IBM has a product it contends will improve HR department automation, reduce tedious tasks and make it easier to manage applications. IBM CEO Arvind Krishna has been touting the capability of AI to automate backend processes, and recently said the company was considering a pause on hiring back-office positions that could be replaced by AI.
IBM Watson Orchestrate automates processes, adding a level of intelligence and a conversational AI interface for interacting with the third-party application and the user. Orchestrate has been in testing for nearly two years. IBM released a base model last year but made its enterprise edition generally available earlier this year.
Although the tool can be applied broadly, IBM sees an opportunity to address the fragmentation of HR applications where departments may use multiple applications to complete a specific task, said Parul Mishra, vice president of product management for IBM Watson Orchestrate.
Mishra said Orchestrate uses AI to help summarize the output of various HR apps, bringing information together in workflows so users don't have to learn every screen or step involved with completing a task.
"Today, we hire for competence in [HR] tools," Mishra said. But she added that Watson Orchestrate makes specific tool knowledge less important because it automates the process.
"HR professionals should be hired for their ability to find the best candidate for the job, not for navigating to the tool and entering fields and multiple screens," she said.
Mishra said Orchestrate uses a conversational-like process to interact with applications and complete tasks. That includes, for instance, posting a job ad on multiple websites and tracking when candidates apply.
IBM has been using this AI-enabled tool internally and said it completed HR tasks 40% faster and more accurately than humans, Mishra said.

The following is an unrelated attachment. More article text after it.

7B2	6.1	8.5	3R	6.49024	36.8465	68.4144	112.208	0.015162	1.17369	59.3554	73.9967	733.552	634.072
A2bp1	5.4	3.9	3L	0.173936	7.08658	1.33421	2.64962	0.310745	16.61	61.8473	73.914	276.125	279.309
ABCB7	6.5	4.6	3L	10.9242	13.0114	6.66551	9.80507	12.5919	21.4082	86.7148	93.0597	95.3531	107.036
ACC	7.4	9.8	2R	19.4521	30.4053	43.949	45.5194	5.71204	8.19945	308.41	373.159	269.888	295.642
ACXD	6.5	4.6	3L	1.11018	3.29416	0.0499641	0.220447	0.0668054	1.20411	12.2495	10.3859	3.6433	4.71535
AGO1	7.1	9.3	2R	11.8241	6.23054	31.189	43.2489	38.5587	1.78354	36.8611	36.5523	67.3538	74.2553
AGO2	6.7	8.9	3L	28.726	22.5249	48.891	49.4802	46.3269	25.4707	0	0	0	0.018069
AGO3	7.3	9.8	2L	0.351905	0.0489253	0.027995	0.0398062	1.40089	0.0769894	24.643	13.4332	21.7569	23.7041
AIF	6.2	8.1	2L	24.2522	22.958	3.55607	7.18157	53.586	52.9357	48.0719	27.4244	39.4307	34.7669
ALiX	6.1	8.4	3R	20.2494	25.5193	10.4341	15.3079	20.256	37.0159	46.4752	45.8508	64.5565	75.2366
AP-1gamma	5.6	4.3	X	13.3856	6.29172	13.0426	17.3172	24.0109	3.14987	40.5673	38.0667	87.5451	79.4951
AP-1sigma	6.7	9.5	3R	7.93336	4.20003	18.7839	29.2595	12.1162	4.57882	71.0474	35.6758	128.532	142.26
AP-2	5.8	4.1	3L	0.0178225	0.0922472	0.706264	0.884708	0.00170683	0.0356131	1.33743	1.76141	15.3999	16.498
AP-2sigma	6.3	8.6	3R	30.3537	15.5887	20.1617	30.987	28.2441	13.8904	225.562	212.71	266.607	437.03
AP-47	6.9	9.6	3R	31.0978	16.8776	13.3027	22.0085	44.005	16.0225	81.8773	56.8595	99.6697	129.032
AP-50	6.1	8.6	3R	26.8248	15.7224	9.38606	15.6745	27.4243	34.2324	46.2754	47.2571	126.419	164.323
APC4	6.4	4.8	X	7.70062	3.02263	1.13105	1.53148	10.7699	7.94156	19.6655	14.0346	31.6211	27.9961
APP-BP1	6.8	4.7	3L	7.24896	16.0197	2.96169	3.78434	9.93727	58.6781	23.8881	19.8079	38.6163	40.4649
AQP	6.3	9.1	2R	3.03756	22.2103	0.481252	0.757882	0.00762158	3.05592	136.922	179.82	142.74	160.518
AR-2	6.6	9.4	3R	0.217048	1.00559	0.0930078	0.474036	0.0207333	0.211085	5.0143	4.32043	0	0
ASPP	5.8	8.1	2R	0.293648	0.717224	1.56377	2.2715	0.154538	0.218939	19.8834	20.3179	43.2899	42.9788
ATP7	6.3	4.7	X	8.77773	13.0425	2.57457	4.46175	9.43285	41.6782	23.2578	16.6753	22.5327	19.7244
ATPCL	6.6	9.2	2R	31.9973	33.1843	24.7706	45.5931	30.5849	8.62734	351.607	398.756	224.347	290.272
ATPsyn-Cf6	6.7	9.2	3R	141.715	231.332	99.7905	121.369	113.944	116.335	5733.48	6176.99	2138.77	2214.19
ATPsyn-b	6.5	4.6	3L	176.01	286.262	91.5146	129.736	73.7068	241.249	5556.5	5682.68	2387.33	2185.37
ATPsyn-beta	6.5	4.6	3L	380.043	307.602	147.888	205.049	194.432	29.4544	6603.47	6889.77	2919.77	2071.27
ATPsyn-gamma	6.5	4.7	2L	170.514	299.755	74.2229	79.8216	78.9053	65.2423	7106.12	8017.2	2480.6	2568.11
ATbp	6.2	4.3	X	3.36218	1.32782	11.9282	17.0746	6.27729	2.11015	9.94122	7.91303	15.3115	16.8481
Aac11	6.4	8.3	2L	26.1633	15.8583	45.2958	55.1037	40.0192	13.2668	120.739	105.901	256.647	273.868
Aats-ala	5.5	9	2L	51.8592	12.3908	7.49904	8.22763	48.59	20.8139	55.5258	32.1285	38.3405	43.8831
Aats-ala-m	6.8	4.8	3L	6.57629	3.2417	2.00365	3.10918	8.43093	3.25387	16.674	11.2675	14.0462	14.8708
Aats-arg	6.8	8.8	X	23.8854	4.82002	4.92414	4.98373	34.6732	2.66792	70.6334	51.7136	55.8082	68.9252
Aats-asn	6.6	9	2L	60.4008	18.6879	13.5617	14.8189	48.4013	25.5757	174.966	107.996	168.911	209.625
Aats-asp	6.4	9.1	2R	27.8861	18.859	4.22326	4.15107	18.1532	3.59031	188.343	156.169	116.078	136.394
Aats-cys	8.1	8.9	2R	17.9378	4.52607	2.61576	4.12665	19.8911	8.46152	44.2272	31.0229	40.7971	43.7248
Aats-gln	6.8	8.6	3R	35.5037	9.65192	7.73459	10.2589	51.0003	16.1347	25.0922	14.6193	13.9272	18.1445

In May, Krishna said the company expects AI to reduce the need for back-office roles by around 30% or nearly 8,000 jobs, including HR, Bloomberg reported. IBM, in a statement following Krishna's comments, said its hiring is focused on revenue-generating roles: "We're being very selective when filling jobs that don't directly touch our clients or technology. We are actively hiring for thousands of positions right now."
Testing the waters
Evelyn McMullen, an analyst at Nucleus Research, said, "IBM is trying to test the waters in HR without fully committing to developing its own dedicated HCM product offering." But she added that she sees difficulty ahead for IBM, especially since many HCM platforms have built-in automation.
Evelyn McMullenAnalyst, Nucleus Research
"Given the current trend of cost consolidation across business technology, adding an entirely new solution on top of existing infrastructure is counter to what we are seeing from customers," she said.
But IBM said that Watson Orchestrate could provide a benefit to HR systems through automation. A talent application system can be hard to learn, for example, and tasks such as assigning a manager to an organization can be a 20-step process, according to Mishra.
"We are trying to solve for repetitive things that people do with tools like Workday," Mishra said. Orchestrate can do this by making the application easier to use and conversational, while adding intelligence between the HR application and the user. She said that instead of going into Workday, a user can communicate directly with the application through the chat space.
The Orchestrate product has some pre-built connections, such as with SAP, but it doesn't cover every applicant tracking system on the market. Mishra said that as long as the SaaS provides an open API, a third-party application service can be imported quickly.
Eser Rizaoglu, a Gartner analyst, said technology adoption is generally a struggle for HR because it has too many applications. There's an emerging market around digital adoption platforms, which help users navigate applications. For instance, if someone wants to book time off, it will show the user how to do so step-by-step.
Holger Mueller, vice president and analyst at Constellation Research, said IBM is targeting HR first with this product because it's low-hanging enterprise fruit with more integrations and interfaces than other back-office systems, including third-party vendors and governmental systems.
"The space attracts players, and IBM is new to the space," he said.
Patrick Thibodeau covers HCM and ERP technologies for TechTarget Editorial. He's worked for more than two decades as an enterprise IT reporter.